In the early Middle Ages, the island of Walcheren was essentially a mudflat with, behind the dunes, an important trading post also probably called ‘Walcheren’. There were salt marshes and an occasional farm. People mainly used small boats to transport themselves, animals and goods.  People lived off the land, mainly by herding sheep and harvesting salt. But as the island was small, the inhabitants had to buy or trade some of their food and other goods.  They traded with people living all along the coast of the North Sea (Frisians), Scandinavians and Anglo Saxons.

We know from written sources that Danish Vikings raided Walcheren in 837. In 890 three forts were built on Walcheren to protect the population from marauders: Duinburg (Domburg), Middelburg and Zuidburg (Souburg).  Nevertheless, no tangible evidence has been found linking the Vikings to the trading post Walichrum,  or rather: Scandinavian-looking objects that have been found could just has well have been brought by Danes who sold, traded or lost objects there.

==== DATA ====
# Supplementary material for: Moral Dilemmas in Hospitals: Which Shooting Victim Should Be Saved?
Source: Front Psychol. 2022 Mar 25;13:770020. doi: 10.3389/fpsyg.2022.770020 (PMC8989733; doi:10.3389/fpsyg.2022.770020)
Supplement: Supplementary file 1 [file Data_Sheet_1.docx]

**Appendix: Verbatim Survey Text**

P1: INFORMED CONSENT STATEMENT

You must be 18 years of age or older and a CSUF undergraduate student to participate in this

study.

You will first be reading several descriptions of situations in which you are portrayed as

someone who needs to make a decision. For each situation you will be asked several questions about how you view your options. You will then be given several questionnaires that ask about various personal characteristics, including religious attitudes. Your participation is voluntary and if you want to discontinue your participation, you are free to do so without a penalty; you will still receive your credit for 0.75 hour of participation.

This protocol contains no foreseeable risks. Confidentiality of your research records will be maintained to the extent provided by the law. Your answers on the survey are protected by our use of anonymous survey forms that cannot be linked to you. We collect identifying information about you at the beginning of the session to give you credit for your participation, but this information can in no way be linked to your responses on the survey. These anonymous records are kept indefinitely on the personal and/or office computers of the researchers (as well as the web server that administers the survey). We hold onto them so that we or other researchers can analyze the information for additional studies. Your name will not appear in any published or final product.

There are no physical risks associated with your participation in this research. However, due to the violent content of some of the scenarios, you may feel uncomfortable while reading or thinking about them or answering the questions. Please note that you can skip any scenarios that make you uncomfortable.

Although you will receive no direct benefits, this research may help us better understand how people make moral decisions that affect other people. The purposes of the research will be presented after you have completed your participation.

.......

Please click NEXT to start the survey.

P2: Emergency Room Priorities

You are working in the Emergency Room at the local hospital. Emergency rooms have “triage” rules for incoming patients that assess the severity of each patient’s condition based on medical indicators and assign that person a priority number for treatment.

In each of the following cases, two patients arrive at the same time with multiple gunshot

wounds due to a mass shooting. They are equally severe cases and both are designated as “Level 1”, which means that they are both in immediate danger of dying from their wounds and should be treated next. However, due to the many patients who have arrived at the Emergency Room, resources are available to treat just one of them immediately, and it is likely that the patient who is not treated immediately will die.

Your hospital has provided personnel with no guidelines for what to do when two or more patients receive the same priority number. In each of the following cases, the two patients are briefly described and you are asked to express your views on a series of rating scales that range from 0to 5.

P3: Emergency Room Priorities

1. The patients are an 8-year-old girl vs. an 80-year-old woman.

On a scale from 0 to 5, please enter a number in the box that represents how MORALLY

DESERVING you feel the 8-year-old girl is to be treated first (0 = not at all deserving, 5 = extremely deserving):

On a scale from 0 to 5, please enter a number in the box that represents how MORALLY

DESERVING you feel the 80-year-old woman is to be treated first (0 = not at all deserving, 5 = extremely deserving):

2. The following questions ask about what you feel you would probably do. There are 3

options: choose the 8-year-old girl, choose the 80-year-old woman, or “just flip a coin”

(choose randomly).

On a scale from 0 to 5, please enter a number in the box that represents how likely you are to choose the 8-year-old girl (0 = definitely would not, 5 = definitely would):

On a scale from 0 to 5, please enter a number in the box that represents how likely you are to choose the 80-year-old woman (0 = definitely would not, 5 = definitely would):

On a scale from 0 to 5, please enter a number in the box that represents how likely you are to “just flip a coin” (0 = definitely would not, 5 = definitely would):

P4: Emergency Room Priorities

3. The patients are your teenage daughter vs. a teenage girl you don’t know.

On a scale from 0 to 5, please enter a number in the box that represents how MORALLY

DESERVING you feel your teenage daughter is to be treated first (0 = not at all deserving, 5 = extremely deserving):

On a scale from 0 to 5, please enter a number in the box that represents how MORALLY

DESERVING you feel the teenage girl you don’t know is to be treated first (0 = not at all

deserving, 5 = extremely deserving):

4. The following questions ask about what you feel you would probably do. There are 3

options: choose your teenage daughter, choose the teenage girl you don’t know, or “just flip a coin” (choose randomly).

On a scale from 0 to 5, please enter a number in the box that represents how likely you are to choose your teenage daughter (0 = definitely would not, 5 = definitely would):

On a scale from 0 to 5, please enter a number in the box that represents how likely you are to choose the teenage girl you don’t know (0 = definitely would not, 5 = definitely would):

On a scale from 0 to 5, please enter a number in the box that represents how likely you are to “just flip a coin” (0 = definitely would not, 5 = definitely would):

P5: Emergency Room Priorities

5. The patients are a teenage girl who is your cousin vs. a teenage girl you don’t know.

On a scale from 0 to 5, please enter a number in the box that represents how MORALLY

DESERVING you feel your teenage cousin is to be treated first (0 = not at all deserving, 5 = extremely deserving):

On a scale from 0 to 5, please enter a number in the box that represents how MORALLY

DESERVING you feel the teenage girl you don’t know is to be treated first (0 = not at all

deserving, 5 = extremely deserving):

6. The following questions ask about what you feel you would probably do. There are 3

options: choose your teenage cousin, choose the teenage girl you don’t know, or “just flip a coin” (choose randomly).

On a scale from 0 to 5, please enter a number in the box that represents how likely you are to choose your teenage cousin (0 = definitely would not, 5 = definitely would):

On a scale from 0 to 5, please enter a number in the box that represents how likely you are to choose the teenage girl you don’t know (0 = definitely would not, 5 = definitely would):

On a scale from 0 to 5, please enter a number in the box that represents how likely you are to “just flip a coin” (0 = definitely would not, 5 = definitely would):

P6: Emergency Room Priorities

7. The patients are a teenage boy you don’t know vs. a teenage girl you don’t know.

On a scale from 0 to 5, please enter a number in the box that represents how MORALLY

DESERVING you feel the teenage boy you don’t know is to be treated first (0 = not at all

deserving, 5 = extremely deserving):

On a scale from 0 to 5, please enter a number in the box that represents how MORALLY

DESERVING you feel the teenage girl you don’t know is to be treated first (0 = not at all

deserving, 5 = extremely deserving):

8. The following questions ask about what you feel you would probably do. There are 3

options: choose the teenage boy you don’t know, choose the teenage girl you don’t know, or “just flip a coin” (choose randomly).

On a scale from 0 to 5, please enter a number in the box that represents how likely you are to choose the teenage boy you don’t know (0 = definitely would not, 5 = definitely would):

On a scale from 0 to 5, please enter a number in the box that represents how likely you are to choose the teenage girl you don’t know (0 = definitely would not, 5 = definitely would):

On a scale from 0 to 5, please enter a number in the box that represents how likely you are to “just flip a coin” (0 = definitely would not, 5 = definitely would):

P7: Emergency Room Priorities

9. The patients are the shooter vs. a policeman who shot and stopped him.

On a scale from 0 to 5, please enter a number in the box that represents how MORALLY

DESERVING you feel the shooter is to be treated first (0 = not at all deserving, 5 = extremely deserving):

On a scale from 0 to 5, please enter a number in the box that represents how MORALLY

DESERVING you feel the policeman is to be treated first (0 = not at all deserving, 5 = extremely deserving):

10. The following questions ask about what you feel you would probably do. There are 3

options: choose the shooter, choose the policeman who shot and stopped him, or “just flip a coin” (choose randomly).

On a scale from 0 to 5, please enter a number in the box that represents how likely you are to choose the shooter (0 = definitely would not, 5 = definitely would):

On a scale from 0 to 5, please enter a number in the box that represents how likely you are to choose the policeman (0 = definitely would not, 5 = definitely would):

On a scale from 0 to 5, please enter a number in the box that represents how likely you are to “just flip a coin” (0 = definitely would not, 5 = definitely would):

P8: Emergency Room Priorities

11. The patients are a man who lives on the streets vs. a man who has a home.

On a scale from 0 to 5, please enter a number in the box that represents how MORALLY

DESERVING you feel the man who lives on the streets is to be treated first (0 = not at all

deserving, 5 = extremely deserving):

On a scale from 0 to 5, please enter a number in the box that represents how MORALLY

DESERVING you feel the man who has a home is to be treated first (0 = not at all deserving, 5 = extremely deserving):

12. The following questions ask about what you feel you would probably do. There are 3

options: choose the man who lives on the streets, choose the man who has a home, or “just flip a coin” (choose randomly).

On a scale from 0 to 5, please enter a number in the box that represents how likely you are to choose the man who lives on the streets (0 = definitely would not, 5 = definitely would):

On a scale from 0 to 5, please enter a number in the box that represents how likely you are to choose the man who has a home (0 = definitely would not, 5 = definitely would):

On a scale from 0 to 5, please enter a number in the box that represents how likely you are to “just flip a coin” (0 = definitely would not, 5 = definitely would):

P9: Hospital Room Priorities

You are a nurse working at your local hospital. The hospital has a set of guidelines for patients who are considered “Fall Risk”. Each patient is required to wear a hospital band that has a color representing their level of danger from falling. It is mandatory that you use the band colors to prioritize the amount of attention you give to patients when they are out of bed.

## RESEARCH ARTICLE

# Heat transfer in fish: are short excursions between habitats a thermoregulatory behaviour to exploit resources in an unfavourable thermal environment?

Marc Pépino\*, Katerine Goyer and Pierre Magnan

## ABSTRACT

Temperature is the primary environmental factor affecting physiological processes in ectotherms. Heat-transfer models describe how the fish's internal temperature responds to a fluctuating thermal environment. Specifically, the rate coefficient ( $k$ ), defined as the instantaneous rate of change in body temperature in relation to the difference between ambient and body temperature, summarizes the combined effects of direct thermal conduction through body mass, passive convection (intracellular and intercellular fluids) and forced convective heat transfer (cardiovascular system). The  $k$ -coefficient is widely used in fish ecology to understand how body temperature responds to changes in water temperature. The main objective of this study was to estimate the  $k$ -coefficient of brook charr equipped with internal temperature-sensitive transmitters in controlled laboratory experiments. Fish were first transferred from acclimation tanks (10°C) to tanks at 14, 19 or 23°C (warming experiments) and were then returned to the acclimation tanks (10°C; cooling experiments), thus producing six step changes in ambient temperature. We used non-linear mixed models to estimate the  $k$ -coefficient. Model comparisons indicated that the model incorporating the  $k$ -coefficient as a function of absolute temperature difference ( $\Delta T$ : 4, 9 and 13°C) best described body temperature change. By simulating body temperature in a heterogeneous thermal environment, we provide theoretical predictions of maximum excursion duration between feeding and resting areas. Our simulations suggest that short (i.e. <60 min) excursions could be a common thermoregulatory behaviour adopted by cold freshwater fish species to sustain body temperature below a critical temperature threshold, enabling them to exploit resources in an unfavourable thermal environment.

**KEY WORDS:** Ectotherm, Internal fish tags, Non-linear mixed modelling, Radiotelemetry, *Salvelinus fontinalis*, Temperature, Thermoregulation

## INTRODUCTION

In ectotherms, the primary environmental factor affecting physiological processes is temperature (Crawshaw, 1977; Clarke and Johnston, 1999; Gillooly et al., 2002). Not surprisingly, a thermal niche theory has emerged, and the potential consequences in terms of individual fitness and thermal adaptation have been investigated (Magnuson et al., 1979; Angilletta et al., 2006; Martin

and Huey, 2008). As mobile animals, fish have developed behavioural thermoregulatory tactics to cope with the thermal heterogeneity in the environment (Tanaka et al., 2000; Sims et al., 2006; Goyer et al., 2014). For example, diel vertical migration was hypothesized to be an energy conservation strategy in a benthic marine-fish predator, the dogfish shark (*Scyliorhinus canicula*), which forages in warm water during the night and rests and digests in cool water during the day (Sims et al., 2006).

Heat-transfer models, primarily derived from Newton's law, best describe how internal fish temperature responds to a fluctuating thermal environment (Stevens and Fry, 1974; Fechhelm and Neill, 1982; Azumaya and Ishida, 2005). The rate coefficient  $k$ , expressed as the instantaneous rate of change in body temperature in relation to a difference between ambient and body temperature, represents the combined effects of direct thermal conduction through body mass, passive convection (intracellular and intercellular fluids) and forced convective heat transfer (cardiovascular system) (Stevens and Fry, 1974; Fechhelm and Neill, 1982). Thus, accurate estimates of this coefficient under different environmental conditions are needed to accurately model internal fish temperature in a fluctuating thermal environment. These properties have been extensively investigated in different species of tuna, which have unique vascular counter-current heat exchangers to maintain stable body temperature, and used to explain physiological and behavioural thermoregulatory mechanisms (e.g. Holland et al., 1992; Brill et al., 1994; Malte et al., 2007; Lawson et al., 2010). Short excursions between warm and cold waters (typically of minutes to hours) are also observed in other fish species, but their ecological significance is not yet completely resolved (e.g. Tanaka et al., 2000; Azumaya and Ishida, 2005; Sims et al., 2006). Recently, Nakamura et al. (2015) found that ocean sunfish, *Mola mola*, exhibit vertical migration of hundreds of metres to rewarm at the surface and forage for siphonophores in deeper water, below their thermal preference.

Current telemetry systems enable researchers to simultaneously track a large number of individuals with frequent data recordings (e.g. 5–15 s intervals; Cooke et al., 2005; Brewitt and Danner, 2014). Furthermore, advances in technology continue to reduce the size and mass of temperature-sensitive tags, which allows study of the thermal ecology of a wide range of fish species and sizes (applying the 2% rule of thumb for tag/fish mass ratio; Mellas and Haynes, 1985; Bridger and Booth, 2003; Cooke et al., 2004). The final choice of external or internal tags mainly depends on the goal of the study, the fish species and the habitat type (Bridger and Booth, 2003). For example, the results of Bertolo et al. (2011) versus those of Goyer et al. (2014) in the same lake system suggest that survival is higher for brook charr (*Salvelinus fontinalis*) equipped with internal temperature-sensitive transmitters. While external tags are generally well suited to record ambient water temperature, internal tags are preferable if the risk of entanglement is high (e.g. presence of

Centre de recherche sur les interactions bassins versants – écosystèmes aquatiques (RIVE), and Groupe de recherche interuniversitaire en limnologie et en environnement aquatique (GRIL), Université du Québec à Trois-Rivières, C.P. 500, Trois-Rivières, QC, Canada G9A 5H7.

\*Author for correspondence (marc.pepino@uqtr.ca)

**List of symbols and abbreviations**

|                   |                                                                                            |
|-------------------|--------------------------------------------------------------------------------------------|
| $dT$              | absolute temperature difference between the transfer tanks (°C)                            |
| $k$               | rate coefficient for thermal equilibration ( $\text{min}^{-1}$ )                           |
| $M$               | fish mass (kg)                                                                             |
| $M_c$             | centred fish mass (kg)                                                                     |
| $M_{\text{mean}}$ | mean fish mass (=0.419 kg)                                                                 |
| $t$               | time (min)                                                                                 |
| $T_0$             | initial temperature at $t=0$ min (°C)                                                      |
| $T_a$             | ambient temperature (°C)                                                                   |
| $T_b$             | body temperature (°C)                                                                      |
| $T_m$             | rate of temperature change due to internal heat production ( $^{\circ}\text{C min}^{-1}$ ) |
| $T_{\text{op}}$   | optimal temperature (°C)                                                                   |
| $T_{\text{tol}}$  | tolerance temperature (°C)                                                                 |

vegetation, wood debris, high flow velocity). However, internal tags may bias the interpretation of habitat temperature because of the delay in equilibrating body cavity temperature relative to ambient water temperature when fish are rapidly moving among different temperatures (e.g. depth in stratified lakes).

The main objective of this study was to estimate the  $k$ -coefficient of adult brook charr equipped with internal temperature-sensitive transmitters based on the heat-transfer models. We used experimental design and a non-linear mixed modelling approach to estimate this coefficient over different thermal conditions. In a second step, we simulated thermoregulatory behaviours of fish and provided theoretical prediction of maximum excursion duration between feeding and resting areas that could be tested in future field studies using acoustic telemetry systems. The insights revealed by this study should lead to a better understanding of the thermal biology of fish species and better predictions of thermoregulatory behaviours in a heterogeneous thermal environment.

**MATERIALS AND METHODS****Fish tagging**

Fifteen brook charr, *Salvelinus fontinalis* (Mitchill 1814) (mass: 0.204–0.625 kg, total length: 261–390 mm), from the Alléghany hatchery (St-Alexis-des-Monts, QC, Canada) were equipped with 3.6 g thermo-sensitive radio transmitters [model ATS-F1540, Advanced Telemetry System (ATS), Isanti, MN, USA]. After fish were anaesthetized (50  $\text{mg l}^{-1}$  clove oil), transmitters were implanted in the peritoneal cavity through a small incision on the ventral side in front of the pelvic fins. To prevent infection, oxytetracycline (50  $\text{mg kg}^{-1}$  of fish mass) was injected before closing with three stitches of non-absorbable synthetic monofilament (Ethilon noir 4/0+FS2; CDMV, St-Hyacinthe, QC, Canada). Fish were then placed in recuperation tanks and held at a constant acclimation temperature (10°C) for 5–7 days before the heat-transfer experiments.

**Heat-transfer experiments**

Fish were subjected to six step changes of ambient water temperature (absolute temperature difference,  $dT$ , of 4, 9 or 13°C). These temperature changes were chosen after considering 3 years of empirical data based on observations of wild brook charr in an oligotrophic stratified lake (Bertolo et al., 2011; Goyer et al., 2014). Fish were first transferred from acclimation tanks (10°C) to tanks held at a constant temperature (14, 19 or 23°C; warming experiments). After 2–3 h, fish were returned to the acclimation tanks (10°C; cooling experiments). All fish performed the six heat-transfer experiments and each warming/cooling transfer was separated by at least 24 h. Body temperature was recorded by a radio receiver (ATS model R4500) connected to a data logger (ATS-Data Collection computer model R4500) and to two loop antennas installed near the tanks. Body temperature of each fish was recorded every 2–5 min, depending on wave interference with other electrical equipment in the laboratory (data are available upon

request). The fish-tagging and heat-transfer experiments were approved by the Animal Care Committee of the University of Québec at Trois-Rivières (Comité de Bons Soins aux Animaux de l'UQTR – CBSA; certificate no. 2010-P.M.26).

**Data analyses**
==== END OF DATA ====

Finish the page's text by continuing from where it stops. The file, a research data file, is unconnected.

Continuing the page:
Around the year 1000 the inhabitants of Walichrum, fed up with being constantly windswept, moved to higher grounds on the island.  The remnants of the settlement and the grave fields could be frequently found on the beach in the period 1650-1960 as strong winter storms and rough waves washed the sand off the clay at the bottom of the sea. Many finds were donated or sold to the Zeeuws Genootschap.